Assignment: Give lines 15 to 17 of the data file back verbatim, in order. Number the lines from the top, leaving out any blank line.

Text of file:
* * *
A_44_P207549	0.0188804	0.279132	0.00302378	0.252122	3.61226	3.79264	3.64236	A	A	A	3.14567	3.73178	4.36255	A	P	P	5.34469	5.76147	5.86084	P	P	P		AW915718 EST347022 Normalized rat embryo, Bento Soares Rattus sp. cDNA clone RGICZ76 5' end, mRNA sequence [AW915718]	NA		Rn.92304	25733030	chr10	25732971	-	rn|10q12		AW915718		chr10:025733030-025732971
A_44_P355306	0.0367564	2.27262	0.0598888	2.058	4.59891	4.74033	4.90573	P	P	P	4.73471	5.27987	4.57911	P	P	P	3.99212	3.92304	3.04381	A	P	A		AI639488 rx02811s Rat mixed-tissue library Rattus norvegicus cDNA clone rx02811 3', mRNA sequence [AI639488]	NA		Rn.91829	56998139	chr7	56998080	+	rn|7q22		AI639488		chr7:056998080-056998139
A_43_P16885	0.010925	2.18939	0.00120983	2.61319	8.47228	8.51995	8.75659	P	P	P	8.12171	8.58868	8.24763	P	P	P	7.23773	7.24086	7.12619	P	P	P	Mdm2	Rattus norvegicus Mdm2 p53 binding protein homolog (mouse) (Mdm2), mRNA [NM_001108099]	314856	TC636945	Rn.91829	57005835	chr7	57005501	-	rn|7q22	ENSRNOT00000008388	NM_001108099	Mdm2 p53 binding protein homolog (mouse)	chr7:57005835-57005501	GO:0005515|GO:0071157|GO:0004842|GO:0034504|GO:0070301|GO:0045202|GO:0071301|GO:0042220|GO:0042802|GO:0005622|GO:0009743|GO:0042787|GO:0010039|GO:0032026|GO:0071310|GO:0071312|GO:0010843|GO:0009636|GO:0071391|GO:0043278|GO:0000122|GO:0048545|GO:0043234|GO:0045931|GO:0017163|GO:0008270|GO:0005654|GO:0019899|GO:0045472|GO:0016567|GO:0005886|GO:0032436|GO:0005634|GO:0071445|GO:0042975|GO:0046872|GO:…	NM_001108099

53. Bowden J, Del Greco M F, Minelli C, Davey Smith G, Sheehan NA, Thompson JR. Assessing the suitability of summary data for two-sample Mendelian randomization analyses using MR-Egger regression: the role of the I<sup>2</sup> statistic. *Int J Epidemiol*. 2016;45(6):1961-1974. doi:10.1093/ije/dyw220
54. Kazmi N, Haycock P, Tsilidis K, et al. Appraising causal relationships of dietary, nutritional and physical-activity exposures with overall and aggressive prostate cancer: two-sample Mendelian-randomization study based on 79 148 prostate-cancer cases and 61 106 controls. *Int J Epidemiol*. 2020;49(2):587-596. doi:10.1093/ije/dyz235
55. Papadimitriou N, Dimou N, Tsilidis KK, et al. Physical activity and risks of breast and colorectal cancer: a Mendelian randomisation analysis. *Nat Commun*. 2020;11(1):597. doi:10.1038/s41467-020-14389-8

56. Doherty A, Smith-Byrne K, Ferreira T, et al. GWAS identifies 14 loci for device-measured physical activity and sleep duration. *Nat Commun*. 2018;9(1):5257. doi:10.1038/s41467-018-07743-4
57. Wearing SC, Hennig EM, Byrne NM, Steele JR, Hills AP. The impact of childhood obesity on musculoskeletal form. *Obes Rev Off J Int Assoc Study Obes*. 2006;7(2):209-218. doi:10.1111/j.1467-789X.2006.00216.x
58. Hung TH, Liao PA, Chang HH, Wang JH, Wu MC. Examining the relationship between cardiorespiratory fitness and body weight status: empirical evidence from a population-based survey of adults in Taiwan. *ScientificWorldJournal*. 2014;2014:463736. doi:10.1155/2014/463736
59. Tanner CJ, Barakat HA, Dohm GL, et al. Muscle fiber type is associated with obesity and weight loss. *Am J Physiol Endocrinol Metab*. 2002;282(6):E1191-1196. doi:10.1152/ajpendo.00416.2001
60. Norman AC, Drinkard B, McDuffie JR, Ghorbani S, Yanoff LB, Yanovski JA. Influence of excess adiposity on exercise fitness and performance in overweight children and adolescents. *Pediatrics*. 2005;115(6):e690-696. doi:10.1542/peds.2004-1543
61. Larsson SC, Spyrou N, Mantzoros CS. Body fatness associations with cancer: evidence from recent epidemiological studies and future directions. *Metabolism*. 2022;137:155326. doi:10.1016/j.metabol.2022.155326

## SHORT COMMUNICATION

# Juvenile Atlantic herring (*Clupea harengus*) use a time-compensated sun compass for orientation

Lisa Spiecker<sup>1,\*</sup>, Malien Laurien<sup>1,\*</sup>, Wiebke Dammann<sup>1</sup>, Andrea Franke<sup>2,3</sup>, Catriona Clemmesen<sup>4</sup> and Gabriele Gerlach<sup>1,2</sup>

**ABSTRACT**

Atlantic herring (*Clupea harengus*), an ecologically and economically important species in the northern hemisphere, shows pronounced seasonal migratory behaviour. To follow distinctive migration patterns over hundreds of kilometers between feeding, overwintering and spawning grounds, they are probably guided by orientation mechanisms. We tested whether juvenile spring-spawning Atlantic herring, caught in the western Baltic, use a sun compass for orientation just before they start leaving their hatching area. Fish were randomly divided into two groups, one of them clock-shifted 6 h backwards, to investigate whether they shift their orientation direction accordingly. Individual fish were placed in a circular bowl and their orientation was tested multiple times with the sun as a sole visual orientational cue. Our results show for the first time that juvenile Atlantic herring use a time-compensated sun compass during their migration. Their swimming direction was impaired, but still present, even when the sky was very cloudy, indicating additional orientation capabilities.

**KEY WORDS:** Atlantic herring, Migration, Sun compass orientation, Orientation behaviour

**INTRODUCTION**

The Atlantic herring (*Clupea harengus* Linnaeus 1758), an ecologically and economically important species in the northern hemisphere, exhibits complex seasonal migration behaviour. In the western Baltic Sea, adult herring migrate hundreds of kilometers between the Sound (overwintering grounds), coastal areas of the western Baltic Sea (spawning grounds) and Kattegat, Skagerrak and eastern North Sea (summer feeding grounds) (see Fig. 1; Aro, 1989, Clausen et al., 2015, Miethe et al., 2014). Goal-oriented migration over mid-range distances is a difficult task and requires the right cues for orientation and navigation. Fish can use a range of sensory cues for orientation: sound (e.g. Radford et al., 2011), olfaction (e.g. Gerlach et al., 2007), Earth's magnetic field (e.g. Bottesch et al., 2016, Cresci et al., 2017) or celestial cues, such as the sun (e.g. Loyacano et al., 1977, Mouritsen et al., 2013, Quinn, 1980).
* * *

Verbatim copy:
Lisa Spiecker<sup>1,\*</sup>, Malien Laurien<sup>1,\*</sup>, Wiebke Dammann<sup>1</sup>, Andrea Franke<sup>2,3</sup>, Catriona Clemmesen<sup>4</sup> and Gabriele Gerlach<sup>1,2</sup>

**ABSTRACT**

Atlantic herring (*Clupea harengus*), an ecologically and economically important species in the northern hemisphere, shows pronounced seasonal migratory behaviour. To follow distinctive migration patterns over hundreds of kilometers between feeding, overwintering and spawning grounds, they are probably guided by orientation mechanisms. We tested whether juvenile spring-spawning Atlantic herring, caught in the western Baltic, use a sun compass for orientation just before they start leaving their hatching area. Fish were randomly divided into two groups, one of them clock-shifted 6 h backwards, to investigate whether they shift their orientation direction accordingly. Individual fish were placed in a circular bowl and their orientation was tested multiple times with the sun as a sole visual orientational cue. Our results show for the first time that juvenile Atlantic herring use a time-compensated sun compass during their migration. Their swimming direction was impaired, but still present, even when the sky was very cloudy, indicating additional orientation capabilities.